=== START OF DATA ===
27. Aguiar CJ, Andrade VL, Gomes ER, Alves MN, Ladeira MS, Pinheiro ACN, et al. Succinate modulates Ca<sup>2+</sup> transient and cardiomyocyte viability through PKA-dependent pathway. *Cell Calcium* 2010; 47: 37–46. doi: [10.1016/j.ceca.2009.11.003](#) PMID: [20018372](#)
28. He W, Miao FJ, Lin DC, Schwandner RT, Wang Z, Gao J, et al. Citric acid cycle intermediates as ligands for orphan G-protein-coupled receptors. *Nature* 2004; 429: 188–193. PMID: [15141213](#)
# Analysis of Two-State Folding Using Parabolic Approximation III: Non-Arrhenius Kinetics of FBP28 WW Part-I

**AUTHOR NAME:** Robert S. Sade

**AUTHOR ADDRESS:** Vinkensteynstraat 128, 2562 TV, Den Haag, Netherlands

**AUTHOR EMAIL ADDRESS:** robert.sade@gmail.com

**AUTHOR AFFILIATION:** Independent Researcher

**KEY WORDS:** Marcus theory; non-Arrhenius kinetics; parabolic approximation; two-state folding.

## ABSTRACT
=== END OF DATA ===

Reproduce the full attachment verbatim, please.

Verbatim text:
27. Aguiar CJ, Andrade VL, Gomes ER, Alves MN, Ladeira MS, Pinheiro ACN, et al. Succinate modulates Ca<sup>2+</sup> transient and cardiomyocyte viability through PKA-dependent pathway. *Cell Calcium* 2010; 47: 37–46. doi: [10.1016/j.ceca.2009.11.003](#) PMID: [20018372](#)
28. He W, Miao FJ, Lin DC, Schwandner RT, Wang Z, Gao J, et al. Citric acid cycle intermediates as ligands for orphan G-protein-coupled receptors. *Nature* 2004; 429: 188–193. PMID: [15141213](#)
# Analysis of Two-State Folding Using Parabolic Approximation III: Non-Arrhenius Kinetics of FBP28 WW Part-I

**AUTHOR NAME:** Robert S. Sade

**AUTHOR ADDRESS:** Vinkensteynstraat 128, 2562 TV, Den Haag, Netherlands

**AUTHOR EMAIL ADDRESS:** robert.sade@gmail.com

**AUTHOR AFFILIATION:** Independent Researcher

**KEY WORDS:** Marcus theory; non-Arrhenius kinetics; parabolic approximation; two-state folding.

## ABSTRACT